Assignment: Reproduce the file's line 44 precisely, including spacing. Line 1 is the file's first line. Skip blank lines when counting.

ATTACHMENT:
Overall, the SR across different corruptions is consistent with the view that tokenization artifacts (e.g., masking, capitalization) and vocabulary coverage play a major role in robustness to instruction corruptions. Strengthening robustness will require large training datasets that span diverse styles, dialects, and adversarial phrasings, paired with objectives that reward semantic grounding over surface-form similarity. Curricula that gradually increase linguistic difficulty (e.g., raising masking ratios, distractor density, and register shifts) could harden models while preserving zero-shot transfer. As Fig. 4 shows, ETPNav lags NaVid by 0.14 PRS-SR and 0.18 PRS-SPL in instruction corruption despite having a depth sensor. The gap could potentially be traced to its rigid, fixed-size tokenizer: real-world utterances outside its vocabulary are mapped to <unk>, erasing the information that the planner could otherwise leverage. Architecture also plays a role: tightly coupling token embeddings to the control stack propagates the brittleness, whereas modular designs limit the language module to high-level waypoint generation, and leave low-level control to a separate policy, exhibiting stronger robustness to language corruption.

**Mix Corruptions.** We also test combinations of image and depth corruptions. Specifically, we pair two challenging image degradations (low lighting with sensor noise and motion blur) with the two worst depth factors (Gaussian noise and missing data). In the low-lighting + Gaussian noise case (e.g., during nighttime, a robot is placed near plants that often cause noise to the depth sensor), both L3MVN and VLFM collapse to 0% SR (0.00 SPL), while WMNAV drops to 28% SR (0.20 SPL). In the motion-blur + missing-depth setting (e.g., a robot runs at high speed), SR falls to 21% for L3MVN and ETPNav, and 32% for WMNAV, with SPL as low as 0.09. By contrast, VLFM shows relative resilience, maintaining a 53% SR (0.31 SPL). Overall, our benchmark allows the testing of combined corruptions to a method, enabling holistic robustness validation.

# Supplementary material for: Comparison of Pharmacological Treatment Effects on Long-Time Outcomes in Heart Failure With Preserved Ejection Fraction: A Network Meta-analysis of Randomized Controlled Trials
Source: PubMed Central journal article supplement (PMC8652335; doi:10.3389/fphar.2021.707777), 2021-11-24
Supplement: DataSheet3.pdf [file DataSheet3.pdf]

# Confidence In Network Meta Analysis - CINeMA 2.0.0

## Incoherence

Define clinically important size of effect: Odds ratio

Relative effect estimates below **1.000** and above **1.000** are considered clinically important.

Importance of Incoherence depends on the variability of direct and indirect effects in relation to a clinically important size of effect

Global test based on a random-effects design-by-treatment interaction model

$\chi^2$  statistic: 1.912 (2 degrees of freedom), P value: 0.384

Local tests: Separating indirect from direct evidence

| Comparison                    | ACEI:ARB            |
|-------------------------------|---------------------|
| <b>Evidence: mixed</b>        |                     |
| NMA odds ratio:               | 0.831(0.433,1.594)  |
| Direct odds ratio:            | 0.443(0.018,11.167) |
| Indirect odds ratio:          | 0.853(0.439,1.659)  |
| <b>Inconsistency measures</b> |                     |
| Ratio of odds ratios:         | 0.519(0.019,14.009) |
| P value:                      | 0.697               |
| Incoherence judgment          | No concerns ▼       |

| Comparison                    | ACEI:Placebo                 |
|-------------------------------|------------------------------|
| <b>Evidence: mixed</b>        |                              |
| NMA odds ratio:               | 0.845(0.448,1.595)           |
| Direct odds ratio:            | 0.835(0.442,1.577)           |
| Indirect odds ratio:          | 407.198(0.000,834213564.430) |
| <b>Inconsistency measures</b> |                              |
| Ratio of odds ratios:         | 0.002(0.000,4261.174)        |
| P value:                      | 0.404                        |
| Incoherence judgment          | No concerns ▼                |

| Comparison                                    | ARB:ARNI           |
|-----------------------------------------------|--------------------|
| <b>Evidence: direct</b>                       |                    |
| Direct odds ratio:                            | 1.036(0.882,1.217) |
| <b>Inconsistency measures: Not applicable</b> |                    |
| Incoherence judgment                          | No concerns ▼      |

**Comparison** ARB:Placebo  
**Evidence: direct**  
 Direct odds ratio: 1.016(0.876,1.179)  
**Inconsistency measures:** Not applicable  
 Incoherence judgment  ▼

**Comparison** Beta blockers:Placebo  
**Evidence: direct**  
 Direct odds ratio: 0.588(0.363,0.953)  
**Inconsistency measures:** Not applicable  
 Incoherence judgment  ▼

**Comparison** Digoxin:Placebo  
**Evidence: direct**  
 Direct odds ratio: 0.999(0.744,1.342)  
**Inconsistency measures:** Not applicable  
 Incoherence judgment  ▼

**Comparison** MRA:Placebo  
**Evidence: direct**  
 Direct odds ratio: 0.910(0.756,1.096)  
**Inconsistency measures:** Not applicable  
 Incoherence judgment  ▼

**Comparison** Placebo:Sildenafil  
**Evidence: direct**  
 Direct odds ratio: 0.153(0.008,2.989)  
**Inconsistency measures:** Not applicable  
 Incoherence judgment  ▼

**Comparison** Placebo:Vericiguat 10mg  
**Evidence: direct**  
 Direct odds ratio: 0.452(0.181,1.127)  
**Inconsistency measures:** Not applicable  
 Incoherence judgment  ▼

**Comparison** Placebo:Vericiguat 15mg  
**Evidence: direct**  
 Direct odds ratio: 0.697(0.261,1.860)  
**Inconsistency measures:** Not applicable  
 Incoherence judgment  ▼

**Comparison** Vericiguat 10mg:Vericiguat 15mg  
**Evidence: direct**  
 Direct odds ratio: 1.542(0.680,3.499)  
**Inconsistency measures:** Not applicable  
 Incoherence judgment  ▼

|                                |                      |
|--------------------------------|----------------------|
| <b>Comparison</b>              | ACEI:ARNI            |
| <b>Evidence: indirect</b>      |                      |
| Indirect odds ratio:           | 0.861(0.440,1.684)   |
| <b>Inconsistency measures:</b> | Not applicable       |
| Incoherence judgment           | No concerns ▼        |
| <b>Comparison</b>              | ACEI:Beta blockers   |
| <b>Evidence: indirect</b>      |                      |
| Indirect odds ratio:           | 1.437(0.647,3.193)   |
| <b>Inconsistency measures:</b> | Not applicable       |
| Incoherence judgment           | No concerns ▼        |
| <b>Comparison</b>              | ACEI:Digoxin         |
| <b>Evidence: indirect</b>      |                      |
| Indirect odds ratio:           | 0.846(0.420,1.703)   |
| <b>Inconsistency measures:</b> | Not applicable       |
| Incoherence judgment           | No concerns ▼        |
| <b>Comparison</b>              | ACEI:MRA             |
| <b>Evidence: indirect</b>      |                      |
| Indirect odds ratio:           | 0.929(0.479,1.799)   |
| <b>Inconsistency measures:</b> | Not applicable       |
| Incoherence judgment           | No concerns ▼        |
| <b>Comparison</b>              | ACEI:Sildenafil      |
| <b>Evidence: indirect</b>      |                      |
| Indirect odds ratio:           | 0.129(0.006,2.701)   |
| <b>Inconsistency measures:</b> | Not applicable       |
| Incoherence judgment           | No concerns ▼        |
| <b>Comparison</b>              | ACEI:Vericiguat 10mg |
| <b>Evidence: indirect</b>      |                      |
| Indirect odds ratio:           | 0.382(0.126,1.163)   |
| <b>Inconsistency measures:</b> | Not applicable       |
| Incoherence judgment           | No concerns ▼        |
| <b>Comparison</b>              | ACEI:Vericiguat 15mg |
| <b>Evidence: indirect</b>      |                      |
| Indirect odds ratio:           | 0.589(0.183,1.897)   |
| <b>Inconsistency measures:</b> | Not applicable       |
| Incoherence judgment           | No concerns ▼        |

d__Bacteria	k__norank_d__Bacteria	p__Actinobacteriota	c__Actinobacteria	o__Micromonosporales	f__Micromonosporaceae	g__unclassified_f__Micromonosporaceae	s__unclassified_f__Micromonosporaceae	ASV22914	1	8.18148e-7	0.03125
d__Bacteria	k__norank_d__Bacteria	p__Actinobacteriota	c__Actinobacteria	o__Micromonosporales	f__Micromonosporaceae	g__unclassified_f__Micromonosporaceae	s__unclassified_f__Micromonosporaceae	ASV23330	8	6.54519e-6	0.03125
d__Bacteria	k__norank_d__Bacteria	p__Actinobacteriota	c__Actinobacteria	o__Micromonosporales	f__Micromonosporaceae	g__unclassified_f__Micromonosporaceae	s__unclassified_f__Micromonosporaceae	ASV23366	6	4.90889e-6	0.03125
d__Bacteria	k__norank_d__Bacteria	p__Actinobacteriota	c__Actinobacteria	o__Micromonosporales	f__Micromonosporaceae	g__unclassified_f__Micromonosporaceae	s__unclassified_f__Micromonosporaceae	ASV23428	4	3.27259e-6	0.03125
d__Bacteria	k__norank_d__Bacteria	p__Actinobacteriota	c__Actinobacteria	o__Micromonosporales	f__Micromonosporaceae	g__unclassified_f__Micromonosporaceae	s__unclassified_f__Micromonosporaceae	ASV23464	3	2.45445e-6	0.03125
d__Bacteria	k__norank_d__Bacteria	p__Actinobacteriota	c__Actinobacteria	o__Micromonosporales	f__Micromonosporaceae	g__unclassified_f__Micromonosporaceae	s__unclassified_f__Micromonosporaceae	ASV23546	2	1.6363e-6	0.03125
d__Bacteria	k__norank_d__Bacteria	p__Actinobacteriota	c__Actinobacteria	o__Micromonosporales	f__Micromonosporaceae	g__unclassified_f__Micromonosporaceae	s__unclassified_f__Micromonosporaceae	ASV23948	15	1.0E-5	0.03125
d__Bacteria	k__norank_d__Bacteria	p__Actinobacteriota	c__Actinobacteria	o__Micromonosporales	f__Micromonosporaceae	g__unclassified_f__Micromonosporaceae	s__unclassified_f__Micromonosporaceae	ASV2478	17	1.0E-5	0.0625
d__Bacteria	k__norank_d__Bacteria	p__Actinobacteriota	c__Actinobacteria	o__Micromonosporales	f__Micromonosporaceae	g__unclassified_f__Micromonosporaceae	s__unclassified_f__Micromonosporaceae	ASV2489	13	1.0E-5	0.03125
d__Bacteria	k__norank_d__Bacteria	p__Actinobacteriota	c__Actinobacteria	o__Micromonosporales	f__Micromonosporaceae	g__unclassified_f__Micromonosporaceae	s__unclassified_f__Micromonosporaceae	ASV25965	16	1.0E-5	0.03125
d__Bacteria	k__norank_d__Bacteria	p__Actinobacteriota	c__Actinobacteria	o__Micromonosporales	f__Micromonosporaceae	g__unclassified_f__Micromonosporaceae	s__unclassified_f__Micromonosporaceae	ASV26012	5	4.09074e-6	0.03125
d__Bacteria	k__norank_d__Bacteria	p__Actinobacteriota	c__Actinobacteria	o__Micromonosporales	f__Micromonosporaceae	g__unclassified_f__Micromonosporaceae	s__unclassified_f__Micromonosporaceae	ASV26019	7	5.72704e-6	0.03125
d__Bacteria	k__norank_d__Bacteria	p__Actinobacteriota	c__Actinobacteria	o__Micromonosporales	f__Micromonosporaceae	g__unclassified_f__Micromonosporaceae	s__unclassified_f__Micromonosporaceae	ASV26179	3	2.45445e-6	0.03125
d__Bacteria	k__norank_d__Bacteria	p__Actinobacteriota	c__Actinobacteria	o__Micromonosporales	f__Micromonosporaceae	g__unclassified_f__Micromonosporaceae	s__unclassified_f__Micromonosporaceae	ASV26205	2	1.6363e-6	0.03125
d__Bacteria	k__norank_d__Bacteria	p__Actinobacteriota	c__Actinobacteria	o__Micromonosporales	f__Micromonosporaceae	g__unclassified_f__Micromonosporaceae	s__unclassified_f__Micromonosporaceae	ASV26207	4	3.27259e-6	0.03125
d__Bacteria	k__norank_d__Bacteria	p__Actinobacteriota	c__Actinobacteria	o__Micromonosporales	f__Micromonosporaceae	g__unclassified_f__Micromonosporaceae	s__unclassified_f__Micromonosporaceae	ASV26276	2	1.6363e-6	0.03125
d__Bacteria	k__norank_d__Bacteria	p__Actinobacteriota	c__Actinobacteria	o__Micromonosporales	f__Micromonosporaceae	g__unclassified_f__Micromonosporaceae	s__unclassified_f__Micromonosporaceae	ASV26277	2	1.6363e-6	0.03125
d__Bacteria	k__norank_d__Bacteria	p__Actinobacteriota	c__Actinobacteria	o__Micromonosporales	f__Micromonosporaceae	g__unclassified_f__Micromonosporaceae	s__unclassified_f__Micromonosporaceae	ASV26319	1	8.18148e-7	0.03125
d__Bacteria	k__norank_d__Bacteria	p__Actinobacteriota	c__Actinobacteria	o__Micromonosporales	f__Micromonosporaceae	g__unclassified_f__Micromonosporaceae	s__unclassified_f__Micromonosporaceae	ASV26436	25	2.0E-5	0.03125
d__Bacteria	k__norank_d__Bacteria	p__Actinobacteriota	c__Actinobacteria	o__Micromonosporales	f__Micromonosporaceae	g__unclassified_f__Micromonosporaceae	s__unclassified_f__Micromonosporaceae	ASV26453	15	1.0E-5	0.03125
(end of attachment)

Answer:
 Incoherence judgment  ▼